21. Elvis Costello & the Imposters, The Delivery Man. How many strong albums can one man record in one lifetime? For Costello’s first album for Lost Highway Records, Costello brought his band to Nashville (along with Lucinda Williams and Emmylou Harris) and bashed out an album in less than a week. The result is an exploration of American roots music that is one part Almost Blue, one part My Aim Is True, and a whole lot of King of America.
22. Interpol, Antics. This New York band’s first album was one of the most refreshing debuts in recent years…and probably an impossible album to top. Antics certainly follows the template of that album, and their influences are still clearly the dark sounds of bands such as Joy Division and Bauhaus. While there’s plenty of strong material on this album, overall it’s not as stellar as their debut.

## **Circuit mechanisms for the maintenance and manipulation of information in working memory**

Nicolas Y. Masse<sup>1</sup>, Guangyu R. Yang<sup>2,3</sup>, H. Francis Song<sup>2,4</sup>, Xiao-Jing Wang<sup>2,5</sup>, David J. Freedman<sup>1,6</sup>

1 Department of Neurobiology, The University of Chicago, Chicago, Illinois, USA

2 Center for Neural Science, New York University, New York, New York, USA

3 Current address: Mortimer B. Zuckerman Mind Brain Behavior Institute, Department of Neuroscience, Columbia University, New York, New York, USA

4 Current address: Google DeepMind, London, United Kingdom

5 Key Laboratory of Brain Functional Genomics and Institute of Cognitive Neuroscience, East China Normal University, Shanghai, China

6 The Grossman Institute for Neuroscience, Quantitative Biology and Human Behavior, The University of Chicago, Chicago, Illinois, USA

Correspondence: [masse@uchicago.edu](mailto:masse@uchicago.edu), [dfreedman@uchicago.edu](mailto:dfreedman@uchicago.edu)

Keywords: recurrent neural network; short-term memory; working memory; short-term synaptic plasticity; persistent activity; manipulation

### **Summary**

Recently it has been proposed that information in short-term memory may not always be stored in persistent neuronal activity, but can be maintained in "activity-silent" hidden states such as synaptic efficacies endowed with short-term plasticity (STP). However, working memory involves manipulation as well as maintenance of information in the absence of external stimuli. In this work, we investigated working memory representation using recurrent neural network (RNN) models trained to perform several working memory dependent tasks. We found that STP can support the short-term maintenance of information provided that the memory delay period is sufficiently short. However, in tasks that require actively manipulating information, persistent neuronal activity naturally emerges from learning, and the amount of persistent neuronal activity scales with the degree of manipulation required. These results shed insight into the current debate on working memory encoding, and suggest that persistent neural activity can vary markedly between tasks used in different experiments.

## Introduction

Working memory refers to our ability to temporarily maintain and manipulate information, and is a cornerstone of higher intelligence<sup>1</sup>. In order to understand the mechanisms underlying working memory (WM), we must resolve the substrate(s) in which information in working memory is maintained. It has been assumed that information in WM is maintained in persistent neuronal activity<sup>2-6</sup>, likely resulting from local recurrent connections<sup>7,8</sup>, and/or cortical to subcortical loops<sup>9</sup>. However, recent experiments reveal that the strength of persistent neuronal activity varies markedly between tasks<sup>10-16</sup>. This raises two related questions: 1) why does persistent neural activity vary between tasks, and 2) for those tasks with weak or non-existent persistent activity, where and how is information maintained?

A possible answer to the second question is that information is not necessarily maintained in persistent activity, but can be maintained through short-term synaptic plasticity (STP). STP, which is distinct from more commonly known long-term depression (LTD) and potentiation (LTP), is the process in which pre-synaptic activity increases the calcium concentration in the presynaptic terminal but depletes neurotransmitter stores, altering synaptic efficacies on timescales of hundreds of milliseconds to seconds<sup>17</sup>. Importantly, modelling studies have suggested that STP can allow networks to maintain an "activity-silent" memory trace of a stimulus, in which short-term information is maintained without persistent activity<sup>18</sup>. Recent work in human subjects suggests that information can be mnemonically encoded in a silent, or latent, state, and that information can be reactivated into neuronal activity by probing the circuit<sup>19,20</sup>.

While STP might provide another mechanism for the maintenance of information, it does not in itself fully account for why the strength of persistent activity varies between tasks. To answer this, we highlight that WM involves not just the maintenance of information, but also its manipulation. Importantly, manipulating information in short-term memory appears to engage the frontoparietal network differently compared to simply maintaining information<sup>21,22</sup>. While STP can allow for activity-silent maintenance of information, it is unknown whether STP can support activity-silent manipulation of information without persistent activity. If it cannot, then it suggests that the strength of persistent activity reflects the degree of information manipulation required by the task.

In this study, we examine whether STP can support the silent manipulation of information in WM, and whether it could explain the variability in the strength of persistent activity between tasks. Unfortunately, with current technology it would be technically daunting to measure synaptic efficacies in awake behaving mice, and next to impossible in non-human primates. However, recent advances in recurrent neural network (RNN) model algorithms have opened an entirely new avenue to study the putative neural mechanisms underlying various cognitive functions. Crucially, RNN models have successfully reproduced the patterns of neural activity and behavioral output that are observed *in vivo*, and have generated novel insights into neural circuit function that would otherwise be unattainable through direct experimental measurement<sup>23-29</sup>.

23. The Good Life, Album of the Year. As leader of Cursive, Tim Kasher is a modern-day, Midwestern version of Robert Smith, full of bruised, over-the-top emoting. As one review noted, The Good Life “has always detailed Kasher’s lonely nights”. Less ranting and more confessional, and accompanied primarily by acoustic guitars and keyboards, Album of the Year documents a full year of romantic confessions and heartbreak.
24. PJ Harvey, Uh Huh Her. Although Polly Jean Harvey’s more polished efforts have been incredibly strong albums, she’s always been at her best when she’s not happy. Luckily for her fans (but obviously not for her personal life), she’s been done wrong by a man once again. Like her earlier revenge albums, Harvey growls primal diatribes accompanied by snarling blues-punk riffs. There’s a bit of filler sprinkled throughout the album, but the album’s best moments stand up strong next to any of her previous releases.